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  • $\begingroup$ Hi Kudera. Is it possible that you could also upload the audio file ? (if not large) $\endgroup$ – Fat32 Dec 11 '18 at 20:38
  • $\begingroup$ tell your professor that using the FFT for musical note detection is a bad idea. $\endgroup$ – robert bristow-johnson Dec 11 '18 at 20:40
  • $\begingroup$ Hi fat32. i definitely could. it is very short but I am not sure how? and Robert, the way this module is delivered is terrible. We have a lab for every other module which at least give some instructions on how to do stuff. Not for this one. $\endgroup$ – Scavenger23 Dec 11 '18 at 20:45
  • $\begingroup$ you can upload it to some (free) data storage & download service... how large is th file ? $\endgroup$ – Fat32 Dec 11 '18 at 21:09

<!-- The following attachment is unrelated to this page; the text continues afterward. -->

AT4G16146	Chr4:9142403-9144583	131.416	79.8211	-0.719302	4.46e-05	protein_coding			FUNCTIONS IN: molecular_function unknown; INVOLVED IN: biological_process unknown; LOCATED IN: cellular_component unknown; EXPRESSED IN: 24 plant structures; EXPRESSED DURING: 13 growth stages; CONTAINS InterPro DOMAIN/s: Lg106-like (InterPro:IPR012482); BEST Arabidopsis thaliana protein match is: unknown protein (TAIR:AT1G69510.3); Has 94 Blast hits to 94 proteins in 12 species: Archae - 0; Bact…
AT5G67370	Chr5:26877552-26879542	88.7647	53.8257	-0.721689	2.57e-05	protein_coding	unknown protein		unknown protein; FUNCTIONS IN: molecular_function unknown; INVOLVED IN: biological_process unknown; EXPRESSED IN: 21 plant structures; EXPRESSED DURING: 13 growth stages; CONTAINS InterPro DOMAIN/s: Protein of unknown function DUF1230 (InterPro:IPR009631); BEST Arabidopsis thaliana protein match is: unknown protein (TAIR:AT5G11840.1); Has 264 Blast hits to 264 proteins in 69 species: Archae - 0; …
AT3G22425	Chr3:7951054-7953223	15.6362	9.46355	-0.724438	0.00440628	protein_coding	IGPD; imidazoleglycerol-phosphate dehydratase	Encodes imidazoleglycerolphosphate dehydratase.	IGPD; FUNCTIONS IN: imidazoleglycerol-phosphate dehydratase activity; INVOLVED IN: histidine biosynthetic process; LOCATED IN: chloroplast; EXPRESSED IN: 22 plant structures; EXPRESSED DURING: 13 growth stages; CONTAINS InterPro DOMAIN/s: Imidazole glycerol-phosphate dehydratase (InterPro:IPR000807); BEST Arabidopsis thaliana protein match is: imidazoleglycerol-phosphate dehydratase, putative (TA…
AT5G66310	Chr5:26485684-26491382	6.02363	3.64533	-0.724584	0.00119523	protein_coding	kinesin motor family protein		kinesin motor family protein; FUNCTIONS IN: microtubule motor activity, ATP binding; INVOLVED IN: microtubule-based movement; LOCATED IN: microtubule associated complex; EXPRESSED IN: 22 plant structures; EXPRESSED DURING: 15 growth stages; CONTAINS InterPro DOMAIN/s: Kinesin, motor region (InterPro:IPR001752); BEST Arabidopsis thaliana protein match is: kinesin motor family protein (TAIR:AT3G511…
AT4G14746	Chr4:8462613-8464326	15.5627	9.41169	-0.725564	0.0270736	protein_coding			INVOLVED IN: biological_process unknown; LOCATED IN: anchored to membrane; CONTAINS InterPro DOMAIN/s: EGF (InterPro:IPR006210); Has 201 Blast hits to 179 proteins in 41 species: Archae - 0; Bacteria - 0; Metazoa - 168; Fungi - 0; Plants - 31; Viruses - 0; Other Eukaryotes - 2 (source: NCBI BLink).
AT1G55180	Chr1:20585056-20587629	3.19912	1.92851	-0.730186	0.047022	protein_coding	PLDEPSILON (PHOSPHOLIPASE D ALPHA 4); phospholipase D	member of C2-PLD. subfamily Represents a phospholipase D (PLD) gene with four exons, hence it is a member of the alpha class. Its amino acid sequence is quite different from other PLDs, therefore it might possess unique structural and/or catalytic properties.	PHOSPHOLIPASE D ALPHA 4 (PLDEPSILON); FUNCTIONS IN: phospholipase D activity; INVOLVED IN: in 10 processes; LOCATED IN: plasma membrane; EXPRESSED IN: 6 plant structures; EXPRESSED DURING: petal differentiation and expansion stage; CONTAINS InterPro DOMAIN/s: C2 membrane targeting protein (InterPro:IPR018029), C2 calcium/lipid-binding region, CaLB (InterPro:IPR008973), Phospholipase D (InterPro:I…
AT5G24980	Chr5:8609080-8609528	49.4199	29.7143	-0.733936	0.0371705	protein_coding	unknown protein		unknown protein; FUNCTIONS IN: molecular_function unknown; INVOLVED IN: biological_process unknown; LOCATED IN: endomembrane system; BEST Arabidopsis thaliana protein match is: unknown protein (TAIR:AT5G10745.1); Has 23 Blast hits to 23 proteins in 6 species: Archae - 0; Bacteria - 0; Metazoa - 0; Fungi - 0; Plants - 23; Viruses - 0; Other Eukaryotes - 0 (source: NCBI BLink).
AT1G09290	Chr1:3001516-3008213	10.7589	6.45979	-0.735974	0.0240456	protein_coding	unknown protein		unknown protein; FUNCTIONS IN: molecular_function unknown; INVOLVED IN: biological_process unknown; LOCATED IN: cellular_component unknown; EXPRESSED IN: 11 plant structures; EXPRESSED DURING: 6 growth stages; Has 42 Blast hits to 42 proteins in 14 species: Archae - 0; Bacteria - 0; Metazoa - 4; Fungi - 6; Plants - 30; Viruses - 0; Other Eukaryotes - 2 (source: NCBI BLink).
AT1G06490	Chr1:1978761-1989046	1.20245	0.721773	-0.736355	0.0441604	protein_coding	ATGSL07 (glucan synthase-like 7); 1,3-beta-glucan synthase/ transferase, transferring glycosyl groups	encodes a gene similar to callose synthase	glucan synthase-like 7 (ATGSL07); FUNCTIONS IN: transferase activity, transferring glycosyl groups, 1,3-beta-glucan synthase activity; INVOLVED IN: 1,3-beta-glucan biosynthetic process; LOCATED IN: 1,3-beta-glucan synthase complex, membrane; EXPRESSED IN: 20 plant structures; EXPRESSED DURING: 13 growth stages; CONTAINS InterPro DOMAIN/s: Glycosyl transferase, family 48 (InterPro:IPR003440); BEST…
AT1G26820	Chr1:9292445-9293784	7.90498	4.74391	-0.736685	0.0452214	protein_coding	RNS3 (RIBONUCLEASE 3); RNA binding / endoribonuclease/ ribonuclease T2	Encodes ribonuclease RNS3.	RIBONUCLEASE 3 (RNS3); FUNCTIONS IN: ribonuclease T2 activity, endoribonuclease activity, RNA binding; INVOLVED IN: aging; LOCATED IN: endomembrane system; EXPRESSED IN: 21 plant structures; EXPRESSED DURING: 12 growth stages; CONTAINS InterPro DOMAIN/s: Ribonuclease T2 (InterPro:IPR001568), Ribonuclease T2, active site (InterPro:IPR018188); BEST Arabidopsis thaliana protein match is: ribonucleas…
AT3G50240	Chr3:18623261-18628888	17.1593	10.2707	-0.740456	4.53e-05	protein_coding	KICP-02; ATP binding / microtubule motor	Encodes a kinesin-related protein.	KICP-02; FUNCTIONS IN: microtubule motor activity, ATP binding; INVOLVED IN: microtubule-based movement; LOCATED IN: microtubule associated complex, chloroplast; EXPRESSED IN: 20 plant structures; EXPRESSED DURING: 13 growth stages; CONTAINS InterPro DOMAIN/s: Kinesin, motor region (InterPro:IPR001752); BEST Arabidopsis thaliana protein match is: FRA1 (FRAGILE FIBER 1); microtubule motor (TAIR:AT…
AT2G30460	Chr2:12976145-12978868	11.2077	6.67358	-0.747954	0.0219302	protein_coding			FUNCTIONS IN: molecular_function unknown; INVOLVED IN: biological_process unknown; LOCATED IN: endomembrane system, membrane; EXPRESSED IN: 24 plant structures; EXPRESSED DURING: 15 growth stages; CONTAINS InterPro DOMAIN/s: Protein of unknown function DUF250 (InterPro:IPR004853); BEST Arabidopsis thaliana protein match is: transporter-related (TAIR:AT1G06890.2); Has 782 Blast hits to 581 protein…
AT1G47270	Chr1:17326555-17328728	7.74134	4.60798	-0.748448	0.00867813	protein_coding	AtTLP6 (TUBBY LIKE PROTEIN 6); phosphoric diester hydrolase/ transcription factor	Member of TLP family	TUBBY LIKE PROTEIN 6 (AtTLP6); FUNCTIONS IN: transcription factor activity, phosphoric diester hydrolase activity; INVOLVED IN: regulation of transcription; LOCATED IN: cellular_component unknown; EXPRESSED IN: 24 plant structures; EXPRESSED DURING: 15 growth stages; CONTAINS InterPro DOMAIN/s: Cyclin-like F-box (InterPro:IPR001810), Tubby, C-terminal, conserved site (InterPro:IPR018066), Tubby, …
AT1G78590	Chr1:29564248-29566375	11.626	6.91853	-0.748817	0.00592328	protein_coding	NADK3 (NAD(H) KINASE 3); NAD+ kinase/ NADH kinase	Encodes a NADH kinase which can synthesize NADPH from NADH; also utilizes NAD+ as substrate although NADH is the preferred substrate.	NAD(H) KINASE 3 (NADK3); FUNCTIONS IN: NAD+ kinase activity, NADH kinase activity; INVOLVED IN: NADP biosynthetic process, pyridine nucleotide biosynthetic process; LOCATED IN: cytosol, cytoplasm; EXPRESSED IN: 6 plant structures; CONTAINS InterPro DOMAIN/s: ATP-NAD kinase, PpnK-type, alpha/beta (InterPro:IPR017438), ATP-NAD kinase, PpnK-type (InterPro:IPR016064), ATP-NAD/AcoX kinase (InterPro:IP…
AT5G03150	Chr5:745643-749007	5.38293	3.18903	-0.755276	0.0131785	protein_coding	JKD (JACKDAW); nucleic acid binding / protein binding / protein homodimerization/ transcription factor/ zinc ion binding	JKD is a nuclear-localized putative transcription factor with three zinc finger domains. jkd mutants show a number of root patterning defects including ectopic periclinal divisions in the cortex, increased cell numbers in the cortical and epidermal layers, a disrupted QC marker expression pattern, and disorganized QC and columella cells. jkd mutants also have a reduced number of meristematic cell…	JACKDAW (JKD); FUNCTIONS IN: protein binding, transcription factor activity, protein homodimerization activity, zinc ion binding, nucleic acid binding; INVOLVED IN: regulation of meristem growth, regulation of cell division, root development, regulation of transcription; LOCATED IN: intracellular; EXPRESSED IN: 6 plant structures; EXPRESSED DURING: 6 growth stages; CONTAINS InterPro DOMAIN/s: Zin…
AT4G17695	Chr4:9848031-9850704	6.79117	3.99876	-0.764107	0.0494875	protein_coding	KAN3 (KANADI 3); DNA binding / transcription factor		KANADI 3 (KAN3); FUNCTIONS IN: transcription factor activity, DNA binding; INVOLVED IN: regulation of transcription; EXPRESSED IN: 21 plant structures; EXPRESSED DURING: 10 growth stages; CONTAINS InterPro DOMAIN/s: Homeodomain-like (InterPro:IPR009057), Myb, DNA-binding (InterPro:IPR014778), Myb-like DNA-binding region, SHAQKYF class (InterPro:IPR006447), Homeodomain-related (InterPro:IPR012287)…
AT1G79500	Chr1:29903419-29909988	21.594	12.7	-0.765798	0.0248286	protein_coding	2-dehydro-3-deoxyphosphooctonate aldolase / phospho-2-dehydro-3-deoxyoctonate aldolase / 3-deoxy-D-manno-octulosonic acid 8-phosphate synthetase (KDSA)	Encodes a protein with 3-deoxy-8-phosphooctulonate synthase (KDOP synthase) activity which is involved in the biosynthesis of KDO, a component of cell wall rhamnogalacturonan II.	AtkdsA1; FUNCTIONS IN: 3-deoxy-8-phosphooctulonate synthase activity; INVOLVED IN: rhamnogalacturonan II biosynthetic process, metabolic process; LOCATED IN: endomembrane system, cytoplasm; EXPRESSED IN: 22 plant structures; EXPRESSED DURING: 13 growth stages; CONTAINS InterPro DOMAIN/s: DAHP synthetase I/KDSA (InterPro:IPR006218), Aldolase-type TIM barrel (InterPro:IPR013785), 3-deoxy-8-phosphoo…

• $\begingroup$ 83 Kb I'm looking for somewhere to upload it now. $\endgroup$ – Scavenger23 Dec 11 '18 at 21:19
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As Robert B.J. has already indicated, a bare bones FFT analysis is not the recommended method for a professional audio harmonic inspection. Nevertheless it can be very useful in certain cases, one of which is, I think, this one. Be aslo warned that, as hotpaw2 indicated, with this simplistic approach, false positives might be detected.

From your provided file (45000+ samples, 1 second of duration and taken at 16 bits, 44100 Hz), by first by plotting it you will notice that there are 5 (almost) equal length pieces each about 9000 samples long. These 5 pieces correspond to those 5 chords played and defined in the question. As shown in the plot below:

enter image description here

Now, for simplicity of the analysis, I've only taken the first chord block of 9000 samples and computed its periodogram ($\frac{1}{N}|X(\omega)|^2$) wrt Hertz frequency. The result is the following figure.